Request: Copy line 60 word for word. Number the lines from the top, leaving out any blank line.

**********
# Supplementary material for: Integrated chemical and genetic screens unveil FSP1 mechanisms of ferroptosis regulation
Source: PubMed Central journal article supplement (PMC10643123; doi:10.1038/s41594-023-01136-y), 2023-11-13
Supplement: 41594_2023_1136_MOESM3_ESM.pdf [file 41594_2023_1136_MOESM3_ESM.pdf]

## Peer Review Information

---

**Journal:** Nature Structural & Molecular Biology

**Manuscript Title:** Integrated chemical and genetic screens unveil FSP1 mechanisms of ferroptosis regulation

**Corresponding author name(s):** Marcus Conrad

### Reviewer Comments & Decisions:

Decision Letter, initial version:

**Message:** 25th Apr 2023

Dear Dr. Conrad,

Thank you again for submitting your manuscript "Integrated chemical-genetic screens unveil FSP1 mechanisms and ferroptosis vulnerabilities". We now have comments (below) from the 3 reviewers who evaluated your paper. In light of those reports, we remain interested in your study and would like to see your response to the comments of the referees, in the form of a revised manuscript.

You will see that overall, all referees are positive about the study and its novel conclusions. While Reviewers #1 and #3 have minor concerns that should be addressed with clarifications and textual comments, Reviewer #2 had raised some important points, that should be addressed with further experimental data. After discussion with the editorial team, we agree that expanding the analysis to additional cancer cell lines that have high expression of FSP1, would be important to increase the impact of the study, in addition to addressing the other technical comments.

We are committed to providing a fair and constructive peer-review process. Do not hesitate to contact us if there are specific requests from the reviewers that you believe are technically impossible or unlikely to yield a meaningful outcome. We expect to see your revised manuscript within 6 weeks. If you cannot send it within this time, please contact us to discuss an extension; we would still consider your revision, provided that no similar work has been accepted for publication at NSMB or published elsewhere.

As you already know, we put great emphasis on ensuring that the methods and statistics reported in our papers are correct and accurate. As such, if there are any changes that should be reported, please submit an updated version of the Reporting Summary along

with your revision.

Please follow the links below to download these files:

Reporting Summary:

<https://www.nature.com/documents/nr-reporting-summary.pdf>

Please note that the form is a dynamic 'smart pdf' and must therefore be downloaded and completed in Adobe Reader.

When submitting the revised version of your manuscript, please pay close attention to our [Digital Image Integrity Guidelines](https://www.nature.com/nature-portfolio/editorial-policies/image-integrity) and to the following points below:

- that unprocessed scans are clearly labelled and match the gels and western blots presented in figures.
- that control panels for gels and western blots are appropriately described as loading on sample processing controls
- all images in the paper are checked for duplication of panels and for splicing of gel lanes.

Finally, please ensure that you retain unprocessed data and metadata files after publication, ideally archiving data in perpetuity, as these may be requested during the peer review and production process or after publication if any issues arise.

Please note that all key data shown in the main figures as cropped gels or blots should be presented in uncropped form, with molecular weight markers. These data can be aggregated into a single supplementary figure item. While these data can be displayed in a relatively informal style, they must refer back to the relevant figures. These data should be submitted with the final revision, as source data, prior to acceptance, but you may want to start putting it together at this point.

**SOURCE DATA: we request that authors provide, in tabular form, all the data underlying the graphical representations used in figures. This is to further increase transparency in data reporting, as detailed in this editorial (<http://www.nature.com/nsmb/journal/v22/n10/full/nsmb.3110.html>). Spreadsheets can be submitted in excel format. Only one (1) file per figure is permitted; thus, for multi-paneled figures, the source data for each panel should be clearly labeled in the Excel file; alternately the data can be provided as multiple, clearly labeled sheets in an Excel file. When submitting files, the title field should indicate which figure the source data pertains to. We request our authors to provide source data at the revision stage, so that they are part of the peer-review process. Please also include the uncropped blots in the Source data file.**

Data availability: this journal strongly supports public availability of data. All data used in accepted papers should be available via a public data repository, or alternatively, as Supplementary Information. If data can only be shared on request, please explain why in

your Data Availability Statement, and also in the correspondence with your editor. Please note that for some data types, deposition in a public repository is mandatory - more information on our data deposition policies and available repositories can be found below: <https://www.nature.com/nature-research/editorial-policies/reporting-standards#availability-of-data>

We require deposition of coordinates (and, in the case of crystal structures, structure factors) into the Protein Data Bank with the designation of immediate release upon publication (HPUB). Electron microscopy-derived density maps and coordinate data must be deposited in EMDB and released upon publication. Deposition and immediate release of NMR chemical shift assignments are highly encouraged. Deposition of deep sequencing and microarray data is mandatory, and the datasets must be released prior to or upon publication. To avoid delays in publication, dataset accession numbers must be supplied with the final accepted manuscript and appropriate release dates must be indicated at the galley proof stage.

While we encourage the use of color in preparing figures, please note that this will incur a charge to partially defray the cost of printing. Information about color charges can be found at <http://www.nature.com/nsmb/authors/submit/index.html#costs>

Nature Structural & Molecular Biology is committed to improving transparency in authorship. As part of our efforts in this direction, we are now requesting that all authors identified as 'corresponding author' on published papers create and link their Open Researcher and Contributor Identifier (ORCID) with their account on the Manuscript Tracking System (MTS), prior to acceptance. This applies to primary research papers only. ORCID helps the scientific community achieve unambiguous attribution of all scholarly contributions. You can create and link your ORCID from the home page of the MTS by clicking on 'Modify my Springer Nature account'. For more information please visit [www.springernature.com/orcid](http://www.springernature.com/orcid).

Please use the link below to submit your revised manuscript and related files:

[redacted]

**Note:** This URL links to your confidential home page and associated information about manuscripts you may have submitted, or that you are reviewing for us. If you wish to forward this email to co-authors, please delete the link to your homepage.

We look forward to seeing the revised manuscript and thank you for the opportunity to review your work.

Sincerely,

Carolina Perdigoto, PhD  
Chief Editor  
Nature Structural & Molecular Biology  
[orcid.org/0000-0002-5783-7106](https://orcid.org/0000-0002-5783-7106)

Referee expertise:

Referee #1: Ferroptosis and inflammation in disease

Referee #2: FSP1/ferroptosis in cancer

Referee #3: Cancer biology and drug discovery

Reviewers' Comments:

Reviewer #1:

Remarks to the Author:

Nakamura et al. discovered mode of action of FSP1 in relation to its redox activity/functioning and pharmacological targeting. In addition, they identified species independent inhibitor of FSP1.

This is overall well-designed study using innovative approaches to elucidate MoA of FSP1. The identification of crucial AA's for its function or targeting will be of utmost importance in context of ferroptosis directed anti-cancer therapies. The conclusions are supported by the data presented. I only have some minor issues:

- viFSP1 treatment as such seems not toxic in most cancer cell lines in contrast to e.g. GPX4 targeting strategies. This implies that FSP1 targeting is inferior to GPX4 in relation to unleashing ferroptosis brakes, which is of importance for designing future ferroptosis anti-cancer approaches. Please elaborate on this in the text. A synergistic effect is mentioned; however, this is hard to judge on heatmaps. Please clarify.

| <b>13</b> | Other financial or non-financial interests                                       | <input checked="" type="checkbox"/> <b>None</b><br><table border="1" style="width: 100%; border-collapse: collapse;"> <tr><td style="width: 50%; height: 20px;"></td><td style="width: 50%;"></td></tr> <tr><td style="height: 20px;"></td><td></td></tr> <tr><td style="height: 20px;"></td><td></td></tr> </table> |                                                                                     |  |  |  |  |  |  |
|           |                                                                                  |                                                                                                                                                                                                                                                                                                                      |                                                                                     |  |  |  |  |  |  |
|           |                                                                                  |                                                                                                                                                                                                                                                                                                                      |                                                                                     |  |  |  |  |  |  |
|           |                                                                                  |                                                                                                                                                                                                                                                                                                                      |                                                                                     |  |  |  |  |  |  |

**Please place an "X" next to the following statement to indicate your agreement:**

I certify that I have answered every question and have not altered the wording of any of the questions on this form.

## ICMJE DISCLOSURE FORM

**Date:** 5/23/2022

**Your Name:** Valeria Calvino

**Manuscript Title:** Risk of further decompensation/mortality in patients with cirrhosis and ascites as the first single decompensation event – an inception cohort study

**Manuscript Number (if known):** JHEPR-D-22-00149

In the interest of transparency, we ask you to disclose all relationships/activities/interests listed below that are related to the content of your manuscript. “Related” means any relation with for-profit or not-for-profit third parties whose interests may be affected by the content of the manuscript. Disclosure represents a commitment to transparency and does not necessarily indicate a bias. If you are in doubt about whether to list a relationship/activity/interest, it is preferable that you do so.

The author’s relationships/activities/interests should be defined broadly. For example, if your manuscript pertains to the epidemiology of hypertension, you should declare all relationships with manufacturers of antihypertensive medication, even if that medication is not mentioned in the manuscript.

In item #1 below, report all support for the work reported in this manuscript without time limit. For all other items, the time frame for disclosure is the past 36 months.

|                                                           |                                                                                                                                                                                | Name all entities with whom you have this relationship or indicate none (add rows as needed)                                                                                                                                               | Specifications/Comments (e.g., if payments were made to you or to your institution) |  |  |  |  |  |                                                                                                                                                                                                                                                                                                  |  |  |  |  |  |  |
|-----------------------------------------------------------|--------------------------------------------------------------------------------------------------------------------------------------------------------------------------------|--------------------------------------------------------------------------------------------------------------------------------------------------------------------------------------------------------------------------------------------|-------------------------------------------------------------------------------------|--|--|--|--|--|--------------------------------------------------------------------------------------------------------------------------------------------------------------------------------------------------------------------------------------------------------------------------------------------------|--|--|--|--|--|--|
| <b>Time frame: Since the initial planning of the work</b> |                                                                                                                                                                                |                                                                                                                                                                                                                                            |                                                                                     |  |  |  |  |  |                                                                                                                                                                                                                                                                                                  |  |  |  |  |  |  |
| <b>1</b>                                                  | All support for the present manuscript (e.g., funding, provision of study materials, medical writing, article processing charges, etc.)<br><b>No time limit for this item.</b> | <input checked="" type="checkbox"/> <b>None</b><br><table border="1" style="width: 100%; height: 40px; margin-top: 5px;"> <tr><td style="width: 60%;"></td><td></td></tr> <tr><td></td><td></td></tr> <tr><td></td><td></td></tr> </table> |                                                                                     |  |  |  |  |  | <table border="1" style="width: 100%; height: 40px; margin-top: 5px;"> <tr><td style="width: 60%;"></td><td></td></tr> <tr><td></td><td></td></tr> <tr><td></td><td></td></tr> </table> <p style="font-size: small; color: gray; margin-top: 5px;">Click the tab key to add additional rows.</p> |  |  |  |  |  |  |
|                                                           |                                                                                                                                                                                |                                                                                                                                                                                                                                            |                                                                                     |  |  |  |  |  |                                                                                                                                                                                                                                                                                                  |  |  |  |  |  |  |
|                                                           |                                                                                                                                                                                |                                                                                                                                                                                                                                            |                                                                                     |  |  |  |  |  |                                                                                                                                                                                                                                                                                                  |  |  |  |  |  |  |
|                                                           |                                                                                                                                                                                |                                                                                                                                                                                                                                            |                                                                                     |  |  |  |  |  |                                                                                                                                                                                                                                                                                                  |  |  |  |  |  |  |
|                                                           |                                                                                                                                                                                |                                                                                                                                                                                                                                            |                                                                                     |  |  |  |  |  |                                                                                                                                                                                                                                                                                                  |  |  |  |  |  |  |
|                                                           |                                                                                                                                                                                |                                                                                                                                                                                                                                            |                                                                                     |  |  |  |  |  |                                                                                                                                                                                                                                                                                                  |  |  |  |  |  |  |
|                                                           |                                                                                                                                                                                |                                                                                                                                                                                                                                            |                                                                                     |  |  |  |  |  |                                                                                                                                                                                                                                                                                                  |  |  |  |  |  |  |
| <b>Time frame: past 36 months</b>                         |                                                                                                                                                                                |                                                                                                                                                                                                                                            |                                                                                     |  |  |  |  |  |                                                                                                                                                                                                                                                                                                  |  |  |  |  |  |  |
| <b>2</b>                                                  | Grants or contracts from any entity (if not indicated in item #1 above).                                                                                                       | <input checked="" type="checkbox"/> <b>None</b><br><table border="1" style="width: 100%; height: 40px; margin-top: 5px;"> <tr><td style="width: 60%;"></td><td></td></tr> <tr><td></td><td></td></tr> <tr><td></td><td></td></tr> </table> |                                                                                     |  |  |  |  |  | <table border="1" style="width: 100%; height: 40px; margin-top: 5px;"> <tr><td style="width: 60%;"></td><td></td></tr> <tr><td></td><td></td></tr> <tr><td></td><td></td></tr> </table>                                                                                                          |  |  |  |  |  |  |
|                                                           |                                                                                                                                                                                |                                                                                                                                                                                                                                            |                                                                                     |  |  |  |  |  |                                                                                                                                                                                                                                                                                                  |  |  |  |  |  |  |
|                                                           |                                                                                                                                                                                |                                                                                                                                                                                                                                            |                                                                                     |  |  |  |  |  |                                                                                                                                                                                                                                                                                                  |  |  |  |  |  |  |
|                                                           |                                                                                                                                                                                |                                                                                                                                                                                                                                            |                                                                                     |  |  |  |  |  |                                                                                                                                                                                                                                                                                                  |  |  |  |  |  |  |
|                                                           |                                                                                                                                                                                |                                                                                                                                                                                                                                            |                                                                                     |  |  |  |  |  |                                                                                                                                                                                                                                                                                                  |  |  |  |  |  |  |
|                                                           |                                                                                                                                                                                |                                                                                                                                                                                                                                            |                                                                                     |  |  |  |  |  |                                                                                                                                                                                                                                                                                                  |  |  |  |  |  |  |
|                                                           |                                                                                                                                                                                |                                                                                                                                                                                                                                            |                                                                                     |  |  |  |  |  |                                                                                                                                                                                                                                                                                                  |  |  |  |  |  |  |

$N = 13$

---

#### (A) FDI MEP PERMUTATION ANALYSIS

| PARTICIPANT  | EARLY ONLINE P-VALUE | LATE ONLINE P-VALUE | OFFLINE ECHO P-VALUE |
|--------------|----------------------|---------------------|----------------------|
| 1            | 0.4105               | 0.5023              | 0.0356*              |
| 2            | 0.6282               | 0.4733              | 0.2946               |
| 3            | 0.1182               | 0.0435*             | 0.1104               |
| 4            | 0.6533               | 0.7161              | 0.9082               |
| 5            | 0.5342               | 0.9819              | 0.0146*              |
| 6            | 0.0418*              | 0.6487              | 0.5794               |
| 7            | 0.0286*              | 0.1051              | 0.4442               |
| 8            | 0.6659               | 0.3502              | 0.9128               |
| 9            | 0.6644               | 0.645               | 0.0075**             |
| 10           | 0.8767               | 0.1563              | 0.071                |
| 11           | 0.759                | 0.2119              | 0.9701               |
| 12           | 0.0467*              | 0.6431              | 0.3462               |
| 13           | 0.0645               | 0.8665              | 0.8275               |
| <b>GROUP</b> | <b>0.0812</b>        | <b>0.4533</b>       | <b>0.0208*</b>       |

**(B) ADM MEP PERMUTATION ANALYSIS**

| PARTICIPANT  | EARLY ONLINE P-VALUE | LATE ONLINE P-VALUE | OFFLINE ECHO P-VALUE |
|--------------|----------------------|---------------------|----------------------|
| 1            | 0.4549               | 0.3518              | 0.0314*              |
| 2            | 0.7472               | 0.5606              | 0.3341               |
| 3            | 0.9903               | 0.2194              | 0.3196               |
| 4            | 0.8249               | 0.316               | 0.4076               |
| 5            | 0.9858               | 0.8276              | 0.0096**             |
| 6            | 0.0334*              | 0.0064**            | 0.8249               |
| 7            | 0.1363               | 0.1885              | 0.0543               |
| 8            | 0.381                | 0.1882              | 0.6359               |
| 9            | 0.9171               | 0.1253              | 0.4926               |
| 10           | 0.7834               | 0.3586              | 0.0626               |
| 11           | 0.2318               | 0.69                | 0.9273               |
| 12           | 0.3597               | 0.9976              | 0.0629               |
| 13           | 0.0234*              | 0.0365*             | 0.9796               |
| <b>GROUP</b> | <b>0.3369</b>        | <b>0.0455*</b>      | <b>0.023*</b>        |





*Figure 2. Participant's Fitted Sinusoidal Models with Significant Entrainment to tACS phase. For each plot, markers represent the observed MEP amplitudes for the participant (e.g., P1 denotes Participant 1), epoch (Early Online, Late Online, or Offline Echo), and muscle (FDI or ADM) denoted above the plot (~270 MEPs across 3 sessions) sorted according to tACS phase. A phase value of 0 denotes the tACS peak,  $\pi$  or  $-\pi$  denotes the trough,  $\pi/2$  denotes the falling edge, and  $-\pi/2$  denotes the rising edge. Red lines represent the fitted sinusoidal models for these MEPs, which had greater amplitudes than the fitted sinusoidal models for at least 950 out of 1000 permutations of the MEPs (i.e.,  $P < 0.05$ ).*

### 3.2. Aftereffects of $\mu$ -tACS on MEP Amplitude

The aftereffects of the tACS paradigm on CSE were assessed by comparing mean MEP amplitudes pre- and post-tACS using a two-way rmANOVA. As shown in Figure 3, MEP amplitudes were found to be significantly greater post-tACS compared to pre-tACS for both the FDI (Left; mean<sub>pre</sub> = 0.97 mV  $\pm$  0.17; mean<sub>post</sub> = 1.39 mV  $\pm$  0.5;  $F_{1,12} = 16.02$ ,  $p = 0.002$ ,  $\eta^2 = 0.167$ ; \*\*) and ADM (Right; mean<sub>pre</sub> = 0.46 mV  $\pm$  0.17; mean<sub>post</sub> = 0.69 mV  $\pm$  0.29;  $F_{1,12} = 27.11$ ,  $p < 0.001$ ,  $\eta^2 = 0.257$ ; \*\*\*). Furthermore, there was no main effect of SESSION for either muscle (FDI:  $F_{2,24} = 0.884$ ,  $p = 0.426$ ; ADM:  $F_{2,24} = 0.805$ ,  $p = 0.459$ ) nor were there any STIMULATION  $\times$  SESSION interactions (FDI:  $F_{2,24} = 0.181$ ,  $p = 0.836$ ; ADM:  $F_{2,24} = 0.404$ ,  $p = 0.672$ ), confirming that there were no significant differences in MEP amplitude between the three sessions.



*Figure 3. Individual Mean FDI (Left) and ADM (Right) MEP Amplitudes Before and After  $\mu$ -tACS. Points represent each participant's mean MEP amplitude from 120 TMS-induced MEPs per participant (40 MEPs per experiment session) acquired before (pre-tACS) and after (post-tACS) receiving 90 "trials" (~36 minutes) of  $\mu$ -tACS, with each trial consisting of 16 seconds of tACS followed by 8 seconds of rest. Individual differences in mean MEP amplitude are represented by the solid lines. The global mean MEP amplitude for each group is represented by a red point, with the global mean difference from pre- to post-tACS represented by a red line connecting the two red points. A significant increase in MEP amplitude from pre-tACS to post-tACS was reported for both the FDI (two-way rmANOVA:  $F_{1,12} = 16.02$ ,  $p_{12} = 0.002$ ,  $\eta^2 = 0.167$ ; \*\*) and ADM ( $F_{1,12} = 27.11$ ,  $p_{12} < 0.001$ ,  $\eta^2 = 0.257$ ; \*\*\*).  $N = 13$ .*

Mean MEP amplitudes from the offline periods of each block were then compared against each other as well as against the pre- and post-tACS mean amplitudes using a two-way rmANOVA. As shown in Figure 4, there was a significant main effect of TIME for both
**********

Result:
**Date:** 5/23/2022